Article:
Google is offering to spinoff its adtech unit to avert a possible federal antitrust lawsuit.
However, the suggested change would only move the division to parent company Alphabet — not sell it off entirely, The Wall Street Journal reports. The adtech unit could be worth more than $200 billion, depending on what assets are involved.
However, the government may not view this as a significant enough difference. Justice Department antitrust officials appear more interested in substantive structural changes to the unit.
Google’s offer is the latest development related to the government’s long-running investigation into allegations the company is exploiting its position as broker and auctioneer of digital advertising. The Justice Department is said to be preparing a lawsuit charging the internet giant with anti-competitive practices over its adtech.
“We have been engaging constructively with regulators to address their concerns,” a Google spokesman said in a statement to the Journal. “As we’ve said before, we have no plans to sell or exit this business.” He added: “Rigorous competition in ad technology has made online ads more relevant, reduced fees, and expanded options for publishers and advertisers.”
The adtech unit is drawing fire from many different governments, both in the U.S. and abroad. Multiple U.S. states have filed a joint lawsuit charging the company with running a monopoly which harms ad-industry competitors and publishers. It is also the subject of investigations in the European Union and the United Kingdom. Additionally, a bill before the Senate would force Google, Facebook and Apple to divest their adtech businesses.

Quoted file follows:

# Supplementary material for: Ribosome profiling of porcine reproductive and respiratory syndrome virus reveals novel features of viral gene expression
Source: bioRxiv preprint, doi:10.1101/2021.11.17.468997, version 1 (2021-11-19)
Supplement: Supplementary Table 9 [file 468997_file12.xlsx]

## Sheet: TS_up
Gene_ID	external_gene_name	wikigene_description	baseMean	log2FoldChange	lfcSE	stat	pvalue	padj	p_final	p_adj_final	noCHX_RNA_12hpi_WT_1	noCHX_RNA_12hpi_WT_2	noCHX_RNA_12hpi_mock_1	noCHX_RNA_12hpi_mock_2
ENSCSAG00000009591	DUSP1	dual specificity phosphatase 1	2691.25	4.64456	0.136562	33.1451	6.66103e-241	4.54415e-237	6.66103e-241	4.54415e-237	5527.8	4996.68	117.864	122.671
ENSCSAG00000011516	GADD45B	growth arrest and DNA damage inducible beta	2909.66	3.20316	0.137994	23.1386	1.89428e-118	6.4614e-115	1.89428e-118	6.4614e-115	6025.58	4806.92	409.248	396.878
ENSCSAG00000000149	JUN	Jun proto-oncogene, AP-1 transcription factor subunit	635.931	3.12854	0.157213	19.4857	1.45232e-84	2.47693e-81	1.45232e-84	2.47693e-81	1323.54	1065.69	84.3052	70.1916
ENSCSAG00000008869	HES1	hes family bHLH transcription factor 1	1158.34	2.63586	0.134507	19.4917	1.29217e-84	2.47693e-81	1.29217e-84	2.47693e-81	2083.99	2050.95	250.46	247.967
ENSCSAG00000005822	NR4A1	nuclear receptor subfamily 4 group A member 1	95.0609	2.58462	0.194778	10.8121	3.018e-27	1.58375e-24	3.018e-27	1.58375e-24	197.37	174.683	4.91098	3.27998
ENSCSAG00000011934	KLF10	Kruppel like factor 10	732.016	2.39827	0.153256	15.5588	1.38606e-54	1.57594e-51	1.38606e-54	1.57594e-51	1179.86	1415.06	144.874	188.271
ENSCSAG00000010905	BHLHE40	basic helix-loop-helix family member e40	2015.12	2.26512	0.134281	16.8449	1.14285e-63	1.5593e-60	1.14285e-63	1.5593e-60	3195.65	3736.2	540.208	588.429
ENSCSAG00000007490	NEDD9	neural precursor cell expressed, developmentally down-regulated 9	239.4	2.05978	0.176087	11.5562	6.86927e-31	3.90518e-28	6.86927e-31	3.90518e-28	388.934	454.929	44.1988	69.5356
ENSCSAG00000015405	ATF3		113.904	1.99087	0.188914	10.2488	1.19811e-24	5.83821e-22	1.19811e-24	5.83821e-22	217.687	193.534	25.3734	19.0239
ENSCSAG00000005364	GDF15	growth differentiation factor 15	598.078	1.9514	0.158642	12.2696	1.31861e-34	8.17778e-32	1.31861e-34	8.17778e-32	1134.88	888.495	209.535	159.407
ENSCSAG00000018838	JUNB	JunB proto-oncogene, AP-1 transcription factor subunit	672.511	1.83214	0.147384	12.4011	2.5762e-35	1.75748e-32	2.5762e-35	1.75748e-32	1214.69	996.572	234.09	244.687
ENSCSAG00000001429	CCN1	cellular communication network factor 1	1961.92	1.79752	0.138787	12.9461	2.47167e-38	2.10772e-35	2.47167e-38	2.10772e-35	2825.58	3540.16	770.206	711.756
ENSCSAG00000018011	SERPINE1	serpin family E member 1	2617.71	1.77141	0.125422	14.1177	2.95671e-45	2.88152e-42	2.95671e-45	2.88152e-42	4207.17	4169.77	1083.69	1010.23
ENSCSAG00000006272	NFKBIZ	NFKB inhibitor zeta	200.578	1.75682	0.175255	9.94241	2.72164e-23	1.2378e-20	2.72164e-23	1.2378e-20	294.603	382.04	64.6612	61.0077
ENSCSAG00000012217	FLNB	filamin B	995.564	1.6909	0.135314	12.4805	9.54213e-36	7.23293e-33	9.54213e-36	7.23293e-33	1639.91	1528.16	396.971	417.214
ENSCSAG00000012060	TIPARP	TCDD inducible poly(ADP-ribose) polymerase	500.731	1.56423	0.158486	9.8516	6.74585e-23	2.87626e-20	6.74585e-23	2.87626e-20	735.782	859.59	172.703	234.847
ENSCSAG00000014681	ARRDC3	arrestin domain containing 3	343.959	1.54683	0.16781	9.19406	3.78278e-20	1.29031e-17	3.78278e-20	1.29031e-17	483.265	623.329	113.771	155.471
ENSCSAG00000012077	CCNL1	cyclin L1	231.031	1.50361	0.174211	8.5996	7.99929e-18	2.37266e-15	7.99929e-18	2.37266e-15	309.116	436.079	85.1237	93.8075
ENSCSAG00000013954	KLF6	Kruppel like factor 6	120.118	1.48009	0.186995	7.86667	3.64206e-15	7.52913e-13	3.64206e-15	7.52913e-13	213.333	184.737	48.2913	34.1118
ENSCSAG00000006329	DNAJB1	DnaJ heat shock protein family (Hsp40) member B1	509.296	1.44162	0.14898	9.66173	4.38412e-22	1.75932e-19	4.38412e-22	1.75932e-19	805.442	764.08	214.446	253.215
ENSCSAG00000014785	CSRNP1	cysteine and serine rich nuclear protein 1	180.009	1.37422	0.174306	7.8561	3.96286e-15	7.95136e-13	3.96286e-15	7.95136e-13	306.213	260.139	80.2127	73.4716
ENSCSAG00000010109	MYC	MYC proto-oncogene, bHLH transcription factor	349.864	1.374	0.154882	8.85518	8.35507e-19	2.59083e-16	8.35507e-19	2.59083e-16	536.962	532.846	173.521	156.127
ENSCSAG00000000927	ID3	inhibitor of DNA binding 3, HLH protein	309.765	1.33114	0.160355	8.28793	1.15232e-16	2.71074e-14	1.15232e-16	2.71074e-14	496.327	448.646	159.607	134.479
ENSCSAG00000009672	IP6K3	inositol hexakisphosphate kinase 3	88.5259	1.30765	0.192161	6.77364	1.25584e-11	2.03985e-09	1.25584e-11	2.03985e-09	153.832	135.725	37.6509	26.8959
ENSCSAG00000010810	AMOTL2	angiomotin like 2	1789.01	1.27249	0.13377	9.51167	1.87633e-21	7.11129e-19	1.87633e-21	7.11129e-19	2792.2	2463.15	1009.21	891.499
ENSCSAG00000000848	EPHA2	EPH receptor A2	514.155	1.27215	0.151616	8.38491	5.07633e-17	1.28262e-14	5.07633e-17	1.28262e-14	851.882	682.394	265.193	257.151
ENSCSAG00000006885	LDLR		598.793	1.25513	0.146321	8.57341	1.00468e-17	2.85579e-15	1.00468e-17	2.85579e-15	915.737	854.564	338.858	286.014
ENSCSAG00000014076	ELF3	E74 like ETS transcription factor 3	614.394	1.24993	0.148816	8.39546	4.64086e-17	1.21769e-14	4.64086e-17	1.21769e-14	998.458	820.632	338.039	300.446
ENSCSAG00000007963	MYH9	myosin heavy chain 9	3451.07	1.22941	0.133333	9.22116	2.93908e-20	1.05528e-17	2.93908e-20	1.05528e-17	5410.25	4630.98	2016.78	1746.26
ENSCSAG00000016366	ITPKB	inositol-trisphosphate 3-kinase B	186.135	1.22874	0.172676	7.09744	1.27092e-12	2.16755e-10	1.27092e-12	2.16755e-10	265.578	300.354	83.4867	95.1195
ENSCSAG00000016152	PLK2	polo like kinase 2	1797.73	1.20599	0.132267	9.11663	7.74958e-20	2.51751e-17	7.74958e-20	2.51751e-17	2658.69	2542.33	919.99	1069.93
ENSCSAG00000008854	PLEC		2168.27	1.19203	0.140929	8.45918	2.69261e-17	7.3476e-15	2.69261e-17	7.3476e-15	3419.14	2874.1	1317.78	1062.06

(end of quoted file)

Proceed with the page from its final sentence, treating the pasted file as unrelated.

“The conflicts of interest are so glaring that one Google employee described Google’s ad business as being like ‘if Goldman or Citibank owned the NYSE,’” Sen. Mike Lee (R-UT, one of the bill’s sponsors, said.
Get the daily newsletter digital marketers rely on.
This is the second time the government has gone after Google for anti-competitive activities. In an ongoing suit first filed two years ago the Justice Department charged the company with using illegal tactics to maintain a monopoly for its flagship search engine and related advertising business.
Why we care. Monopolies are bad for business. That’s an obvious fact and one each generation must relearn. They stifle innovation, destroy markets and fleece the consumer. They are also a natural tendency of all businesses. A flourishing economy requires strong anti-monopoly laws and enforcement.
About The Author
Constantine von Hoffman is managing editor of MarTech. A veteran journalist, Con has covered business, finance, marketing and tech for CBSNews.com, Brandweek, CMO, and Inc. He has been city editor of the Boston Herald, news producer at NPR, and has written for Harvard Business Review, Boston Magazine, Sierra, and many other publications. He has also been a professional stand-up comedian, given talks at anime and gaming conventions on everything from My Neighbor Totoro to the history of dice and boardgames, and is author of the magical realist novel John Henry the Revelator. He lives in Boston with his wife, Jennifer, and either too many or too few dogs.